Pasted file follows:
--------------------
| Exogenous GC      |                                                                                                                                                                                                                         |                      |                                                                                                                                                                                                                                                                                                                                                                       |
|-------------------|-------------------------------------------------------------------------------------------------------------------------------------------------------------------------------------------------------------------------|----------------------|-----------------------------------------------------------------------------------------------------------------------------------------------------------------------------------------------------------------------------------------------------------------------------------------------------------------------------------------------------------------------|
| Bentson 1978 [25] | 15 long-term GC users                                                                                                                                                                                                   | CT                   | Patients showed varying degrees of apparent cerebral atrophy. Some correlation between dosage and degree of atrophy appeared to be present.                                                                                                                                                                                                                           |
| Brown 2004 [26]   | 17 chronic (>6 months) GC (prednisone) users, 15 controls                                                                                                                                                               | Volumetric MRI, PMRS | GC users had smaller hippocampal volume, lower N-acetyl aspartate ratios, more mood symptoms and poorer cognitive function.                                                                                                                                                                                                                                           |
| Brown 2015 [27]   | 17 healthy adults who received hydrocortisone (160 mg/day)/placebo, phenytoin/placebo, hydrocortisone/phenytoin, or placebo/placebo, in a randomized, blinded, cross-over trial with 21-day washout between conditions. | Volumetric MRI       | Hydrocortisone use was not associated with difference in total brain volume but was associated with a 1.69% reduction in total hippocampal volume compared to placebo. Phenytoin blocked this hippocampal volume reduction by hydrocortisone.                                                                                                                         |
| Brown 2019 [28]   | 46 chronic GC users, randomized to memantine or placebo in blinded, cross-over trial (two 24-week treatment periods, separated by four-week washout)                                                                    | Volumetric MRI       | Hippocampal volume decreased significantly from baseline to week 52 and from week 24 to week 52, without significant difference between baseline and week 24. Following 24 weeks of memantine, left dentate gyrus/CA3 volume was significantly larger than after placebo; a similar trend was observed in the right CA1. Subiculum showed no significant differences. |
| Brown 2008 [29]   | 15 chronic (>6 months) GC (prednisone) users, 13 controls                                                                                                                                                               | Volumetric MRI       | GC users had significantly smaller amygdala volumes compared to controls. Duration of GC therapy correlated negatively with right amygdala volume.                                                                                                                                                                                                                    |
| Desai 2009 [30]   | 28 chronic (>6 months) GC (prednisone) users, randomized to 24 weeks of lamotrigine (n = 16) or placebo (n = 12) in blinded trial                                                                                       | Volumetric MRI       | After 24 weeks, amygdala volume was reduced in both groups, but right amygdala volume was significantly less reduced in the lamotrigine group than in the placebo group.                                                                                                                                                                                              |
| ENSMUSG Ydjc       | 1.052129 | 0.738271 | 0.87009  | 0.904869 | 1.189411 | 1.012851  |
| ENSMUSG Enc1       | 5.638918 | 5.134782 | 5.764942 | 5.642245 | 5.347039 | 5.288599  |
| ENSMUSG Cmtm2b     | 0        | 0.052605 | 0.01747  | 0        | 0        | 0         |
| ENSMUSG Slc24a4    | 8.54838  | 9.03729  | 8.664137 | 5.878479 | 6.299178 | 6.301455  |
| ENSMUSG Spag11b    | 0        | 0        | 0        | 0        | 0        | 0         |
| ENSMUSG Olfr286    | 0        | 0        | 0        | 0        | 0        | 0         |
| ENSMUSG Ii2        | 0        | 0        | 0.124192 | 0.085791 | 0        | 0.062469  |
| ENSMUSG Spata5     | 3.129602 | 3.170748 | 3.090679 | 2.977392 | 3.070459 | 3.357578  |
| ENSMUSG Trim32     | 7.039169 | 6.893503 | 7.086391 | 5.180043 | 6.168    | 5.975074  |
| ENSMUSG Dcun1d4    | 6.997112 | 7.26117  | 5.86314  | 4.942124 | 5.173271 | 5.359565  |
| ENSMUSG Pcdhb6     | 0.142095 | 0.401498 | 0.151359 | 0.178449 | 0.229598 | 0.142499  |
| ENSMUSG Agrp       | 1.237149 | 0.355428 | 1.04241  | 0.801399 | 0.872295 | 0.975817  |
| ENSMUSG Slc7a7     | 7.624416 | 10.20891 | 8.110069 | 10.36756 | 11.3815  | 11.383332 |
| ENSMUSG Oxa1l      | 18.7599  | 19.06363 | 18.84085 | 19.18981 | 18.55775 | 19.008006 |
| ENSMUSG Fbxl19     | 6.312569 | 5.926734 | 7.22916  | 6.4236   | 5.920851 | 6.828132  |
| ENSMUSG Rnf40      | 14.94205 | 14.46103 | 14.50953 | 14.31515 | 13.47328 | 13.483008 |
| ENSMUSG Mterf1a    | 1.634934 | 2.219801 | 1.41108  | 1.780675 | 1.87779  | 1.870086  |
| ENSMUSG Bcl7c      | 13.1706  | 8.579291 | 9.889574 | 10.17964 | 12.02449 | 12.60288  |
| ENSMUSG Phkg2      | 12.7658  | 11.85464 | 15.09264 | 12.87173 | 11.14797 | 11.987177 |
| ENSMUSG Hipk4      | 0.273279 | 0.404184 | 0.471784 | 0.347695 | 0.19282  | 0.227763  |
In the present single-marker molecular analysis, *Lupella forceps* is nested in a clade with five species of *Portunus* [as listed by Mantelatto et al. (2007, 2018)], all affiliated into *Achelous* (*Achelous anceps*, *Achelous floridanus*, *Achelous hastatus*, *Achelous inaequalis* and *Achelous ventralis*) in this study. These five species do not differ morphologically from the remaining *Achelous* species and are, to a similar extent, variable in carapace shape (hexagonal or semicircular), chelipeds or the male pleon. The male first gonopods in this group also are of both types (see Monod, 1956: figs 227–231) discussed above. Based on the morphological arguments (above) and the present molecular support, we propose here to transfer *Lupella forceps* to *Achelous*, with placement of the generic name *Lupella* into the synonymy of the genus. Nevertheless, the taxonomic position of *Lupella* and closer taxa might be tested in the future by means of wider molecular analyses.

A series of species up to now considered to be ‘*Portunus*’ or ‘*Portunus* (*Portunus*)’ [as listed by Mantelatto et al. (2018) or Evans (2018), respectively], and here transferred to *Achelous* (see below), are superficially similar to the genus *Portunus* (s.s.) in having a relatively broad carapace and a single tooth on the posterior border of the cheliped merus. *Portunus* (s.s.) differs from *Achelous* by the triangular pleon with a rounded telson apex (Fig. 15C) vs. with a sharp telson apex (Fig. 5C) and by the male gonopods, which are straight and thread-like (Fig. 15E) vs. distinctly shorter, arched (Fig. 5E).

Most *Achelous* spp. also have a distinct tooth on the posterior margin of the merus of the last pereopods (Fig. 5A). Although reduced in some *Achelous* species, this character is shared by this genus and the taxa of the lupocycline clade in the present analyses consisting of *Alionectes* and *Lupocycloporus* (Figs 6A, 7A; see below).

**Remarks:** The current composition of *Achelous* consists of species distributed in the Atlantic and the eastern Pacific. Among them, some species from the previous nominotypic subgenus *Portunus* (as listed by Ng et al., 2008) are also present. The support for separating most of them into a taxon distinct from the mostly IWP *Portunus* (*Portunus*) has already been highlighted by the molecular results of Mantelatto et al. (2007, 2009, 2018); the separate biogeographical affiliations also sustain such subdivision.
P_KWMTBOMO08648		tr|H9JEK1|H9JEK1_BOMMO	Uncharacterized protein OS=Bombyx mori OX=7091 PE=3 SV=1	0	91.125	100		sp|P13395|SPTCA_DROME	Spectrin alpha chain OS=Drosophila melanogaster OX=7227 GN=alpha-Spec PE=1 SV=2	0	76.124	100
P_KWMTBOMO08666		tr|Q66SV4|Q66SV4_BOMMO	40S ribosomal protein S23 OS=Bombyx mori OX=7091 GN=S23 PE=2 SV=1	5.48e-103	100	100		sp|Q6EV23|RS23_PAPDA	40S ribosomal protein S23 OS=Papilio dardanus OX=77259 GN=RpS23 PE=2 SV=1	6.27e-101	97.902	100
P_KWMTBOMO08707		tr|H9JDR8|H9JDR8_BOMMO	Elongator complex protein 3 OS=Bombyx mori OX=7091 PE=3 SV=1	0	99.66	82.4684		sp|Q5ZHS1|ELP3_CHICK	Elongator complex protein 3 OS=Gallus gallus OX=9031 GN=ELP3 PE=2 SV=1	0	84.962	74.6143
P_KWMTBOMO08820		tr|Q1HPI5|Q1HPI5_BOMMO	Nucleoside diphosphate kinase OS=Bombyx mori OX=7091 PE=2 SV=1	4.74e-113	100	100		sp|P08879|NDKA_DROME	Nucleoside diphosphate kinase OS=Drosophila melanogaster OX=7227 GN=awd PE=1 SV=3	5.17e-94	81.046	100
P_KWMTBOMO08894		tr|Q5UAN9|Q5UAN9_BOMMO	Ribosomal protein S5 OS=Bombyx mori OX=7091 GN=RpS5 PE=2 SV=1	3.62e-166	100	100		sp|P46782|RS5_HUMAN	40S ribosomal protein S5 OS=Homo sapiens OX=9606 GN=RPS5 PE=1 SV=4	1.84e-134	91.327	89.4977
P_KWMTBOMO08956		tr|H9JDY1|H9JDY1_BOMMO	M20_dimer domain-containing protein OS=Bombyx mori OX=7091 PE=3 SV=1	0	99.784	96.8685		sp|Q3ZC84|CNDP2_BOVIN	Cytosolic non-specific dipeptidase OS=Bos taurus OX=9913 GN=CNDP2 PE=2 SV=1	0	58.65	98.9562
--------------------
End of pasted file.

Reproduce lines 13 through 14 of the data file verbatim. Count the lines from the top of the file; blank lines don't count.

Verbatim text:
| ENSMUSG Spag11b    | 0        | 0        | 0        | 0        | 0        | 0         |
| ENSMUSG Olfr286    | 0        | 0        | 0        | 0        | 0        | 0         |